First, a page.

In a piece by Kirk Goldsberry on ESPN, he writes how the NBA has splintered into a select number of teams that can build via the draft, free agency and trades, and those that really can only use the draft to build a competitive team.
"Draft picks have never been more meaningful in origin markets and never never meant less in the destination markets," wrote Goldsberry. "As a result, the precious few teams that can reliably retain top talent are emptying their cupboards to extract unhappy superstars in mega-trades."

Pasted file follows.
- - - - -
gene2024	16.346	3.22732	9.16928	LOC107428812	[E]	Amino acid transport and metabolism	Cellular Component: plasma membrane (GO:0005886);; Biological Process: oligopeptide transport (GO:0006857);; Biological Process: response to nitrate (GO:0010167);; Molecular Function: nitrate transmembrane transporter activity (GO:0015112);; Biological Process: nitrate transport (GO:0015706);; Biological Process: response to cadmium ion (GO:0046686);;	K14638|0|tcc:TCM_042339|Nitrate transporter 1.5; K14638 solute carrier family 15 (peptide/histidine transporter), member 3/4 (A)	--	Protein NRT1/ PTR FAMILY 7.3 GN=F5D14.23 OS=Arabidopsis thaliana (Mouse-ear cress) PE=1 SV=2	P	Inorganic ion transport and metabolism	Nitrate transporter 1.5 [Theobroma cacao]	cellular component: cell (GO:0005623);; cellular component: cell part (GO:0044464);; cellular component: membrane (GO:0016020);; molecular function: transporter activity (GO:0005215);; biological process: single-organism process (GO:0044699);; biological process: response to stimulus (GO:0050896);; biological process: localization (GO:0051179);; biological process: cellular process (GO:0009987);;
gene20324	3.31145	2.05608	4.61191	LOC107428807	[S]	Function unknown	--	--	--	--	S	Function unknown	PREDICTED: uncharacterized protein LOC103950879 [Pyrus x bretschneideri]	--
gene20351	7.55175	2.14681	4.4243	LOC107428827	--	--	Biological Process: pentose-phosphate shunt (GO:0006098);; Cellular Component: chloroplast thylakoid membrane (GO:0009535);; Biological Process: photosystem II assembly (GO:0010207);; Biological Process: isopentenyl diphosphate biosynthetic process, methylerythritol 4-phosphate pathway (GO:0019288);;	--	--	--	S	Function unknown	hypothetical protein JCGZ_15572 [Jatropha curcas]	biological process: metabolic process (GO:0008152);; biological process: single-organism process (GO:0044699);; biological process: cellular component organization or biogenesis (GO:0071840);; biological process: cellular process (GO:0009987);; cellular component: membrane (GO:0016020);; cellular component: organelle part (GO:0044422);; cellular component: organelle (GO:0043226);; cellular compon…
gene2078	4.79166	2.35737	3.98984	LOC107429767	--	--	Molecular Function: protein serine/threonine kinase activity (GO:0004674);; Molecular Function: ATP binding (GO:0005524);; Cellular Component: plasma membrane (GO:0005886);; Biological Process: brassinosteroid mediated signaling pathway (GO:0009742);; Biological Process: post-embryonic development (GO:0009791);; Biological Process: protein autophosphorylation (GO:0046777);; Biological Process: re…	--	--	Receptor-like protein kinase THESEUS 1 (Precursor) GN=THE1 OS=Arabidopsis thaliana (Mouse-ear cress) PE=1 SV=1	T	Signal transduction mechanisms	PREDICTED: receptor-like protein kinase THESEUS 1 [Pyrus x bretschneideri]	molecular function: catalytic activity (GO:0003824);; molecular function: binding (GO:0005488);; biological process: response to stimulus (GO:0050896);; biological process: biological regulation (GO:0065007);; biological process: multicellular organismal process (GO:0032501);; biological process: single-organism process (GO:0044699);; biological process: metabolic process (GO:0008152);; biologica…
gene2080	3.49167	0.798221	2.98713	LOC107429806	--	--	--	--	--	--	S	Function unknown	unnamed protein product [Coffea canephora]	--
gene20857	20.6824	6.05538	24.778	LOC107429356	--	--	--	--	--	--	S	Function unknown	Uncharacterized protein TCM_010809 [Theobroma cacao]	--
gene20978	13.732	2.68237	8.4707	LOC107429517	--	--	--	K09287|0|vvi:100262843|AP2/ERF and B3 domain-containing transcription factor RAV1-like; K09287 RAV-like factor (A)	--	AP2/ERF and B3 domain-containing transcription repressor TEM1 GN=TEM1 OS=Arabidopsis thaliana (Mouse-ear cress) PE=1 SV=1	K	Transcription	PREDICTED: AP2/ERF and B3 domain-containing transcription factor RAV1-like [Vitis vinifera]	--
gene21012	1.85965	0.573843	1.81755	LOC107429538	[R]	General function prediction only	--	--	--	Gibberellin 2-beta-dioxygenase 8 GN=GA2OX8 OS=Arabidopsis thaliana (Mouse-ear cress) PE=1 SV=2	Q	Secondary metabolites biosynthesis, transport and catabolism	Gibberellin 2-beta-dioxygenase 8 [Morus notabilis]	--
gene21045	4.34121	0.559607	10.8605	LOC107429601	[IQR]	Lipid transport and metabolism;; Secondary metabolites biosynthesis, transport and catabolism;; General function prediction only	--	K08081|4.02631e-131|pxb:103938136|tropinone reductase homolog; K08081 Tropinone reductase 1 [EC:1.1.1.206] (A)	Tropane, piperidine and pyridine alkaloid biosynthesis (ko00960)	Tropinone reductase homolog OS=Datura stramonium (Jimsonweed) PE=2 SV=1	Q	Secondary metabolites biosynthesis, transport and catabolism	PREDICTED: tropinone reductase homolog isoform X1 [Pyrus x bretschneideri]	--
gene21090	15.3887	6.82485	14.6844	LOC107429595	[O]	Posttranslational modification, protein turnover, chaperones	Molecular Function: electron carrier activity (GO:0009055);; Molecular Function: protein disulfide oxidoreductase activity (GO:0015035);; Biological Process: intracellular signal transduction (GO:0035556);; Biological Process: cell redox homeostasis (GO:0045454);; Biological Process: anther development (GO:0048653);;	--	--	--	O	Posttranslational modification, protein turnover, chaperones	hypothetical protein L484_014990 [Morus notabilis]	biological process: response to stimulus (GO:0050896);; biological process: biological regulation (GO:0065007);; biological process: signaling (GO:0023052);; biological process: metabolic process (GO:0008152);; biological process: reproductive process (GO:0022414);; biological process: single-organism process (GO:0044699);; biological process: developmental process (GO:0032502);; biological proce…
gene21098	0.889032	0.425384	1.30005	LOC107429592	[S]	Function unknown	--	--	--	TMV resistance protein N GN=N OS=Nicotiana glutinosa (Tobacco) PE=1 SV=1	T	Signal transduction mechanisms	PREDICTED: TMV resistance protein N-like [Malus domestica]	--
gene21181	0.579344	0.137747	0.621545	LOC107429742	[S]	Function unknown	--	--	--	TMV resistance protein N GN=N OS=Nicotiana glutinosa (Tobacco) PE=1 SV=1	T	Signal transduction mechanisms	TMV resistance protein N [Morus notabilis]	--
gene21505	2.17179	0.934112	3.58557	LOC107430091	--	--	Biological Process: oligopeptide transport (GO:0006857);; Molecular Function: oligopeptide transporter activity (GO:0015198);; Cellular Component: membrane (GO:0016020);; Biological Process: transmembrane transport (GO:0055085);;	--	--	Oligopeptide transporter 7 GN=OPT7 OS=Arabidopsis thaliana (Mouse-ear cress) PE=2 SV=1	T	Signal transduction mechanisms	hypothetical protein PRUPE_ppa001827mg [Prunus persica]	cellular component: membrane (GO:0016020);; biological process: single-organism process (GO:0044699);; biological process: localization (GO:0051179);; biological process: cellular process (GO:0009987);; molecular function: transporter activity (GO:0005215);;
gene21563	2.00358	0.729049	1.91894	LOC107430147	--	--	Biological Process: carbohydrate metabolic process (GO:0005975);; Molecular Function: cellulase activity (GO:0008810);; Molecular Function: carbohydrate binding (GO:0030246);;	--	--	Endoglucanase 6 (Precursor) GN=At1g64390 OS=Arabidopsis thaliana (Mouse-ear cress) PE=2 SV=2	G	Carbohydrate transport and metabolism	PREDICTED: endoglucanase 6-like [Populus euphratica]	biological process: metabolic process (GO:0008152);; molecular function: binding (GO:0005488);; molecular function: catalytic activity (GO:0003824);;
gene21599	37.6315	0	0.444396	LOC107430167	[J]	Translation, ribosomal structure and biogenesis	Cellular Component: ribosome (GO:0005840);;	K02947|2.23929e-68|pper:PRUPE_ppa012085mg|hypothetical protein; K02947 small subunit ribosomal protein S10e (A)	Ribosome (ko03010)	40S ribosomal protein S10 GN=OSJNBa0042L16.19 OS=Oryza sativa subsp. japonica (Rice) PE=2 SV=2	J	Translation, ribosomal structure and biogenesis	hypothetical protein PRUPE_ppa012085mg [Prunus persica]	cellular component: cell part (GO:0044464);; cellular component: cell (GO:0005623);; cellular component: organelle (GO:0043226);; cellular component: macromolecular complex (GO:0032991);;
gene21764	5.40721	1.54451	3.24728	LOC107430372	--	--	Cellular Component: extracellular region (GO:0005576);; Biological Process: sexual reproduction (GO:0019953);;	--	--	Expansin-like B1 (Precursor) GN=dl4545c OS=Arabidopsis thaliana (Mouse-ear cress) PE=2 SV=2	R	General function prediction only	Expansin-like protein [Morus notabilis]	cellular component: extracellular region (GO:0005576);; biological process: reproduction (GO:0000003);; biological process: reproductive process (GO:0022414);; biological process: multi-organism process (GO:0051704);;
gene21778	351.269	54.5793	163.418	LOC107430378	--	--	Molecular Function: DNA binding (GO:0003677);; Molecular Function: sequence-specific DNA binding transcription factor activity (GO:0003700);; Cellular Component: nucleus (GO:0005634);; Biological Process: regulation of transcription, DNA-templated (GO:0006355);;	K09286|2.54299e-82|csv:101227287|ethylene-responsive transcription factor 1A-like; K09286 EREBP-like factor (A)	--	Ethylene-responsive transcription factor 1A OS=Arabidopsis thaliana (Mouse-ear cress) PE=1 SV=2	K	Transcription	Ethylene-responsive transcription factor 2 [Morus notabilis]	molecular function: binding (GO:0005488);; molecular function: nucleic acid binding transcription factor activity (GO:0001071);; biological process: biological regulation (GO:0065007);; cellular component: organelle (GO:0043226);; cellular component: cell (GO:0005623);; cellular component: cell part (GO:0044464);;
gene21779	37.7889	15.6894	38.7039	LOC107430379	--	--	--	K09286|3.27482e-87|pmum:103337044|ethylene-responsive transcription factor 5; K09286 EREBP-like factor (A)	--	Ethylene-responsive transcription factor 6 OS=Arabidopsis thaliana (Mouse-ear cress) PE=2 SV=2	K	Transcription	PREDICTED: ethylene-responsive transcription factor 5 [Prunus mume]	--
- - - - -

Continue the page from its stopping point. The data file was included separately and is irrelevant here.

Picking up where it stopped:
The split has created an environment in which teams like the Los Angeles Lakers, Los Angeles Clippers and Brooklyn Nets have each traded away nearly entire control of their draft over a seven-year period in exchange for one of the league's superstars. Those deals have widely been lauded for both the teams receiving the superstar and the team trading them away. For destination market teams, the draft has been devalued while it has never been more critical for the teams who don't have the option of free agency or trades to acquire a superstar.
"It's really starting to feel like, depending on the nature of your market, you only have access to one, two or three of those legs," said Goldsberry on The Lowe Post.